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The Folly of Fools: The Logic of Deceit and Self-Deception in Human Life
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The Folly of Fools: The Logic of Deceit and Self-Deception in Human Life

3.58  ·  Rating details ·  778 ratings  ·  80 reviews
Whether it’s in a cockpit at takeoff or the planning of an offensive war, a romantic relationship or a dispute at the office, there are many opportunities to lie and self-deceive—but deceit and self-deception carry the costs of being alienated from reality and can lead to disaster. So why does deception play such a prominent role in our everyday lives? In short, why do we ...more
Hardcover, 397 pages
Published October 2011 by Basic Books (first published 2011)
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3.58  · 
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 ·  778 ratings  ·  80 reviews

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May 27, 2013 rated it it was ok
the weaknesses of this book are all the more frustrating given the potentially highly important target the aims for — an understanding of how biological self-deception leads to problematic errors and biases in our daily existence.

three major weaknesses keep this book from reaching its target. first, trivers seems to have a highly inconsistent definition of self-deception and often seems to be developing a theory, not of self deception but of error per se. this is a fairly major problem given tha
Feb 17, 2014 rated it it was amazing
A very personal, sometimes a little crazed exploration of the whole issue of self-deception from a leading and interesting evolutionary biologist. There are times when you can sense his out thereness. Indeed someone just told me he (at 70 or so) had been suspended from teaching because he started a course modestly saying he knew nothing much about the subject and was going to learn along with his students. One of them complained. This fits the person who emerges from the book. But I just enjoyed ...more
Long Nguyen
Jun 10, 2012 rated it it was amazing
I have been trying to convince myself to write reviews for all the books read, and this is a good time as ever to get started.

Trivers summarized his main thesis more or less within the first two chapters of the book, and the rest are a series of commentary based on life examples, ranging from personal to political. He readily admits that his account of why self-deception is selective will need more experimentation to validate, making this book a beginning of inquiry much like some of his past pr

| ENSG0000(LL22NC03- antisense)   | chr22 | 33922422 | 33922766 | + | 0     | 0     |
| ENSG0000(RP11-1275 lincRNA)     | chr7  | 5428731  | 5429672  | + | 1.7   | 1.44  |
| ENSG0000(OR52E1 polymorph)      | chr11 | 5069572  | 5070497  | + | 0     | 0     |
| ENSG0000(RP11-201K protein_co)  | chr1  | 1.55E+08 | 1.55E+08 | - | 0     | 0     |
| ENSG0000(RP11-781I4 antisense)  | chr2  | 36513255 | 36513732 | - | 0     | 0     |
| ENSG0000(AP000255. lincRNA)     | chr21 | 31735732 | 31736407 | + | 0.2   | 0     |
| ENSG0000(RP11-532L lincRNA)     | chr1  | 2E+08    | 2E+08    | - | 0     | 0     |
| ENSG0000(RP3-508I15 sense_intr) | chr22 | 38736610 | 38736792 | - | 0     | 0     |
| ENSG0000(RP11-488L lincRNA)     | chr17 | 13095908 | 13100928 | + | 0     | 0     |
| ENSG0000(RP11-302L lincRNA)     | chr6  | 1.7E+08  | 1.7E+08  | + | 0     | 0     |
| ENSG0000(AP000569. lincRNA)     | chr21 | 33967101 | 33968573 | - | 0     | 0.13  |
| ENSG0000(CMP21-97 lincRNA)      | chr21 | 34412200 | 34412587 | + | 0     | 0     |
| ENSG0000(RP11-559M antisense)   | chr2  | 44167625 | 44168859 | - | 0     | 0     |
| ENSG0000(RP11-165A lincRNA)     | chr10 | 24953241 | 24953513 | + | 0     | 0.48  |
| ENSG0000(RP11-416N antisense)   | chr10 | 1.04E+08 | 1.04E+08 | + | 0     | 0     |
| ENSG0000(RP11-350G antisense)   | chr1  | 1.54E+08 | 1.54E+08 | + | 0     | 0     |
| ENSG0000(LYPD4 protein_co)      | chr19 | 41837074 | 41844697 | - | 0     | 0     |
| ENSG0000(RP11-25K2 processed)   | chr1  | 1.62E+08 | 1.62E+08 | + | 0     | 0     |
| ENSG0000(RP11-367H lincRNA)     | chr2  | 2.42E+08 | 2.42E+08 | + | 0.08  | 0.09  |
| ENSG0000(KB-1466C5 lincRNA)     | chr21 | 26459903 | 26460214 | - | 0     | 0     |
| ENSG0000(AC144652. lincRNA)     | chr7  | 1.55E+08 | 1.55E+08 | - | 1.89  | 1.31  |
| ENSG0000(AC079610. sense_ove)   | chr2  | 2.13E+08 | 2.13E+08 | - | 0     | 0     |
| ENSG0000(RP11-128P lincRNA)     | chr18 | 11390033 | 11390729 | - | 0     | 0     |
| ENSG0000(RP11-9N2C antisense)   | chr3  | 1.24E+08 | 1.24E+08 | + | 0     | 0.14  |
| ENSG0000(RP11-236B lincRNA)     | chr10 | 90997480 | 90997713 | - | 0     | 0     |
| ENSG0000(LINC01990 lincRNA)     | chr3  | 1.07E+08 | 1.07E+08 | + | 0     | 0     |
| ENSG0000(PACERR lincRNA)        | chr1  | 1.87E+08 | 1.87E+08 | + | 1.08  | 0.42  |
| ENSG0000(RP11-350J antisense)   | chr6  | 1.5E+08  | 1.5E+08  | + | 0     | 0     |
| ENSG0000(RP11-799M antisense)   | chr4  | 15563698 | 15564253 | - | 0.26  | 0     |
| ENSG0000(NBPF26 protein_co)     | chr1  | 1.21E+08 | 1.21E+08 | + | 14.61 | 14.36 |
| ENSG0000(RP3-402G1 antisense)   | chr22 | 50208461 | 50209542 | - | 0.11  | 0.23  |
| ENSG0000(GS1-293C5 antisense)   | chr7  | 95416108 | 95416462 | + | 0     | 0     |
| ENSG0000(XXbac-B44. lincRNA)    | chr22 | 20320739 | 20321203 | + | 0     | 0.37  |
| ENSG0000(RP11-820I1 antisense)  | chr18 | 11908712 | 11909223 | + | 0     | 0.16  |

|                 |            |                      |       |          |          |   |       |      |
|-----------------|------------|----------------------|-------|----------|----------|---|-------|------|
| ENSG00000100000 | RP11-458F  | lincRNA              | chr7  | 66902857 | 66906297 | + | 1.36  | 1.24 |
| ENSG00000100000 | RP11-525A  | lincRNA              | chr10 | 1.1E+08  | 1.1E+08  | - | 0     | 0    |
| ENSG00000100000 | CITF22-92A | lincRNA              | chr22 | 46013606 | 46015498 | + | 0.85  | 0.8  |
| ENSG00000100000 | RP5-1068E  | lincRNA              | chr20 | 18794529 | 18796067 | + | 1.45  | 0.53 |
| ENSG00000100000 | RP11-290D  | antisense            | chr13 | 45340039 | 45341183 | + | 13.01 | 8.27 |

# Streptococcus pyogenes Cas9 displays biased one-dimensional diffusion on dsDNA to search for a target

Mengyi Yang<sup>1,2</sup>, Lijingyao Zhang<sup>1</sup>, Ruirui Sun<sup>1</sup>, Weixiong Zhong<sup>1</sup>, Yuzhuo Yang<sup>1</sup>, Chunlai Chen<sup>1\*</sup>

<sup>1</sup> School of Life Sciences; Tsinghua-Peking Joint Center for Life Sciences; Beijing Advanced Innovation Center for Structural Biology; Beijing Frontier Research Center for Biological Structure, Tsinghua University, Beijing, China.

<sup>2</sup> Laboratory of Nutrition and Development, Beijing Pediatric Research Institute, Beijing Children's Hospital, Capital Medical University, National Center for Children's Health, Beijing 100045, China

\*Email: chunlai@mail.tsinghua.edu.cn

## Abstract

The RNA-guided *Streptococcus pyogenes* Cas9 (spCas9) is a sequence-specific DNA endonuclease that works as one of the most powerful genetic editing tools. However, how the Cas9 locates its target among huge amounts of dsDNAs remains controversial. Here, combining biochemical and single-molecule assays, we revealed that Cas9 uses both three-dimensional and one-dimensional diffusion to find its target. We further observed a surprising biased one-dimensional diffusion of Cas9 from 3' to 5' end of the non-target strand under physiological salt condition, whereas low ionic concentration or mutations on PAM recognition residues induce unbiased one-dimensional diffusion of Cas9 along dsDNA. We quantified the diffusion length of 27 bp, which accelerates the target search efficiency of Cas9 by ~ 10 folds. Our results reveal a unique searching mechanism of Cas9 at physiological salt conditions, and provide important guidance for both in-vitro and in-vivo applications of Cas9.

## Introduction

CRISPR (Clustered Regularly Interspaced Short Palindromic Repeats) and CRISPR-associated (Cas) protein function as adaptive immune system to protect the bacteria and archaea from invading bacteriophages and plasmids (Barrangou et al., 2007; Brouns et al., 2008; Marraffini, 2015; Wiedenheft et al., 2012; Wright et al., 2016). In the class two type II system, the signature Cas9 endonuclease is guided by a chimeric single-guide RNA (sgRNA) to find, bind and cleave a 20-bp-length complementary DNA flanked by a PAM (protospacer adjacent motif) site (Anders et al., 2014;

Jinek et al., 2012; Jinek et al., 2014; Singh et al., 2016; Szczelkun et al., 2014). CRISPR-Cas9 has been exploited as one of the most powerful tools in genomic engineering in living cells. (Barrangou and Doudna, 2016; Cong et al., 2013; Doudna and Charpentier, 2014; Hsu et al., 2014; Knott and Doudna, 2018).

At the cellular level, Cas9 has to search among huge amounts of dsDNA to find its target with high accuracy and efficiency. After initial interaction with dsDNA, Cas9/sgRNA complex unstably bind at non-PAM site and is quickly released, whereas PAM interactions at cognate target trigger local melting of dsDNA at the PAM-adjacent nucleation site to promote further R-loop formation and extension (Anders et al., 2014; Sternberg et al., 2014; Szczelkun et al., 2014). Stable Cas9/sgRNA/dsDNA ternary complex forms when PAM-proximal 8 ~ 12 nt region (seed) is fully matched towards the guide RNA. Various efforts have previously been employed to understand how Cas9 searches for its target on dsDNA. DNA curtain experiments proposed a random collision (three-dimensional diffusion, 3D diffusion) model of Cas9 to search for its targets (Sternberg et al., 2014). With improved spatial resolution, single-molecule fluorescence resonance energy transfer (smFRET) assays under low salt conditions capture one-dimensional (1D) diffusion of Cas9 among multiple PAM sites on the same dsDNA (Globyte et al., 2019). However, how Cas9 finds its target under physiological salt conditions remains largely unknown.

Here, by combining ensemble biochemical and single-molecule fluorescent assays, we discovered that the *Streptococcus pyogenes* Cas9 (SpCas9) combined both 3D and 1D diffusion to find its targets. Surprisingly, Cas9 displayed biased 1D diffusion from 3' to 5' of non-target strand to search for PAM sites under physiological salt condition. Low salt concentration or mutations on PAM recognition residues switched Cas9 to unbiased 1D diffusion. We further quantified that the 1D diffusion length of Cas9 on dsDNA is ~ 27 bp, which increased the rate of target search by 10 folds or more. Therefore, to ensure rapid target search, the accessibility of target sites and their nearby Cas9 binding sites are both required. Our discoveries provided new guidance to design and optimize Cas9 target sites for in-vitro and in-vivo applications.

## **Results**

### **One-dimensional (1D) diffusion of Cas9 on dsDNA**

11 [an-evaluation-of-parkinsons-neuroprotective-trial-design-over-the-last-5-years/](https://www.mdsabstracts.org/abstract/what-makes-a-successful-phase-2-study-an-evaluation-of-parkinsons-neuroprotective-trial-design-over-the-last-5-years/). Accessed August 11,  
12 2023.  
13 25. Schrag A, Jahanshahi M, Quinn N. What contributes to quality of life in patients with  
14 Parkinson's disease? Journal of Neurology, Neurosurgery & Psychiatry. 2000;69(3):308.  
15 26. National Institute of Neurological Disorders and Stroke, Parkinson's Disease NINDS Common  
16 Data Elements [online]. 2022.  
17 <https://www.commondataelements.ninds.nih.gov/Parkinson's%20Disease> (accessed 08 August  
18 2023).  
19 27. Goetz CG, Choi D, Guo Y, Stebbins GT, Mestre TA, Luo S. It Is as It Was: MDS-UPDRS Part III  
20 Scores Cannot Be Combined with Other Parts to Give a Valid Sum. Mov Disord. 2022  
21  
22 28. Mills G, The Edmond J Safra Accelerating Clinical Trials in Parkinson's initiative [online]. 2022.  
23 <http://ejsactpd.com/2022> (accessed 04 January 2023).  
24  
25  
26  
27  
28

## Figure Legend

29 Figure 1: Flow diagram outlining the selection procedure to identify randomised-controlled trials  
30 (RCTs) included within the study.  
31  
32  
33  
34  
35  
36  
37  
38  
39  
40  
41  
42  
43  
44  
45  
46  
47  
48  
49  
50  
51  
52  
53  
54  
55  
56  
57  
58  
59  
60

Billie Pritchett
May 10, 2015 rated it it was amazing
Biologist Robert Trivers' book The Folly of Fools tells the manifest ways human beings deceive themselves, from politics and religion to science and everyday life. In the earlier portion of the book, Trivers traces the way in which self-deception involved in human beings and other animals, particularly as a tool to make the transmission of the species' genes continue in. The basic point is that if you're fooling yourself about something, it becomes an awfully lot easier to fool others about the ...more
Joshua Buhs
Sep 09, 2013 rated it did not like it
Robert Trivers’s new book is a curious document — a book about deception and self-deception that is itself deceptive, in structure, voice and argument.

A celebrated evolutionary biologist, Trivers uses the tools of his trade to answer a basic question: Why are deception and self-deception so prevalent? Our eyes, noses, tongues, ears and skin tell us so much about the world, why is it that our brains then deny some of this information, hide it from ourselves and others? Natural selection should ha
Apr 06, 2015 rated it did not like it
Do not be fooled by the summary, this book has no true topic. It reads as if Trivers posited an initial question and then decided to write a series of tangentially related chapters to fill the book.

The introduction identifies an interesting question and then the remainder of the book fails to address that question. It almost felt like Trivers wanted to write about deception in nature and fell on the "self-deception" angle as a way to bring in readers. He posits that self-deception may be evoluti
Jan 24, 2012 rated it did not like it  ·  review of another edition
Shelves: biology, psychology
Having read and studied widely in animal behavior/sociobiology since college, I was already aware of Trivers' work in the field. Having read several books about denial and related ideas in psychology, I thought this book would be a great embodiment of the overlapping area of that Venn diagram. Trivers has been thinking and writing about this stuff for years. This should be good, right?

I couldn't do it. Couldn't will myself to keep going. I am calling it quits after four chapters. Why?

I felt like
Jul 26, 2012 rated it liked it
Some interesting and unexpected insights that, as the author says, merit greater inspection. I understand that RT also made early contributions to evolutionary psychology. Clearly, one of those who marches to a different drummer.
Boris Limpopo
Feb 04, 2012 rated it really liked it
Difficilmente inquadrabile, Robert Trivers. Non ancora settantenne (ne compirà 69 il 19 febbraio), è considerato uno dei più importanti studiosi dell’evoluzione contemporanei. Basti pensare che è lui che ha scritto l’introduzione al libro sull’evoluzione più influente degli ultimi 40 anni, The Selfish Gene (Il gene egoista) di Richard Dawkins (non ditemi che non ne avete sentito parlare e, soprattutto che non l’avete letto: fatelo immediatamente).

A differenza di Dawkins, però, Trivers non è mai
Mar 01, 2012 rated it it was ok
Shelves: library
This book is provocative and left me intrigued by the possibility that deception is endemic to life because it is evolutionally advantageous and that we engage in self-deception in order to better deceive others. I can't say that the book left me convinced of this, because (as Trivers acknowledges) much more work needs to be done. It was a worthwhile read because of the discussion of the various ways that people regularly deceive themselves. I particularly liked the discussion at the end of the ...more